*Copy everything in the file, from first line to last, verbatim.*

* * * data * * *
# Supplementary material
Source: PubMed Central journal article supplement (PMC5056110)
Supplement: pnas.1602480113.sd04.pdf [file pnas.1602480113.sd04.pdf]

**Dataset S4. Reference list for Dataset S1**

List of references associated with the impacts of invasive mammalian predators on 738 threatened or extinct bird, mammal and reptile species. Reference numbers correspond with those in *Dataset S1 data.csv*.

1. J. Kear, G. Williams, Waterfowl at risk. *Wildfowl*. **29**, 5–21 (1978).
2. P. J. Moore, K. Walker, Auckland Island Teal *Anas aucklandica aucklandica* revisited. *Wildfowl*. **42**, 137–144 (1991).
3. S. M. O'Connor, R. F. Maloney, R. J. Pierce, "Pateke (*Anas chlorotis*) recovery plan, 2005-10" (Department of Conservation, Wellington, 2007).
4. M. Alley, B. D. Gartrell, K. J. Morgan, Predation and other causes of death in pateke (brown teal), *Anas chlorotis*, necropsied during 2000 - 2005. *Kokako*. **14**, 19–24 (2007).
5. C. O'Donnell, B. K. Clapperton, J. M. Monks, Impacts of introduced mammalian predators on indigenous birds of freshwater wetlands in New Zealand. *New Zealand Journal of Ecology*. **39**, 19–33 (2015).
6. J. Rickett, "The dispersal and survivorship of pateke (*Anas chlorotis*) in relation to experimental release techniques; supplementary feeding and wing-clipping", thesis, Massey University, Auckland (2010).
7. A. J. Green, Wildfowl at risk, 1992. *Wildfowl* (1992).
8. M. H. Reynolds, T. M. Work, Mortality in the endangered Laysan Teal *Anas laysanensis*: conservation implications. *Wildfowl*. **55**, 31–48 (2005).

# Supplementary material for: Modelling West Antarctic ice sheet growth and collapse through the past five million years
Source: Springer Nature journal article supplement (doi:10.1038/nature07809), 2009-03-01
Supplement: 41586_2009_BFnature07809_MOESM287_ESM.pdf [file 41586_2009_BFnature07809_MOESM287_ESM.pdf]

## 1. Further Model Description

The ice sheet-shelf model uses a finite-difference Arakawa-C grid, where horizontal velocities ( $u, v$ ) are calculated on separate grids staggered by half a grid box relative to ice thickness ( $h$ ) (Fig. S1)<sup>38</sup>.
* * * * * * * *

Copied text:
# Supplementary material
Source: PubMed Central journal article supplement (PMC5056110)
Supplement: pnas.1602480113.sd04.pdf [file pnas.1602480113.sd04.pdf]

**Dataset S4. Reference list for Dataset S1**

List of references associated with the impacts of invasive mammalian predators on 738 threatened or extinct bird, mammal and reptile species. Reference numbers correspond with those in *Dataset S1 data.csv*.

1. J. Kear, G. Williams, Waterfowl at risk. *Wildfowl*. **29**, 5–21 (1978).
2. P. J. Moore, K. Walker, Auckland Island Teal *Anas aucklandica aucklandica* revisited. *Wildfowl*. **42**, 137–144 (1991).
3. S. M. O'Connor, R. F. Maloney, R. J. Pierce, "Pateke (*Anas chlorotis*) recovery plan, 2005-10" (Department of Conservation, Wellington, 2007).
4. M. Alley, B. D. Gartrell, K. J. Morgan, Predation and other causes of death in pateke (brown teal), *Anas chlorotis*, necropsied during 2000 - 2005. *Kokako*. **14**, 19–24 (2007).
5. C. O'Donnell, B. K. Clapperton, J. M. Monks, Impacts of introduced mammalian predators on indigenous birds of freshwater wetlands in New Zealand. *New Zealand Journal of Ecology*. **39**, 19–33 (2015).
6. J. Rickett, "The dispersal and survivorship of pateke (*Anas chlorotis*) in relation to experimental release techniques; supplementary feeding and wing-clipping", thesis, Massey University, Auckland (2010).
7. A. J. Green, Wildfowl at risk, 1992. *Wildfowl* (1992).
8. M. H. Reynolds, T. M. Work, Mortality in the endangered Laysan Teal *Anas laysanensis*: conservation implications. *Wildfowl*. **55**, 31–48 (2005).

# Supplementary material for: Modelling West Antarctic ice sheet growth and collapse through the past five million years
Source: Springer Nature journal article supplement (doi:10.1038/nature07809), 2009-03-01
Supplement: 41586_2009_BFnature07809_MOESM287_ESM.pdf [file 41586_2009_BFnature07809_MOESM287_ESM.pdf]

## 1. Further Model Description

The ice sheet-shelf model uses a finite-difference Arakawa-C grid, where horizontal velocities ( $u, v$ ) are calculated on separate grids staggered by half a grid box relative to ice thickness ( $h$ ) (Fig. S1)<sup>38</sup>.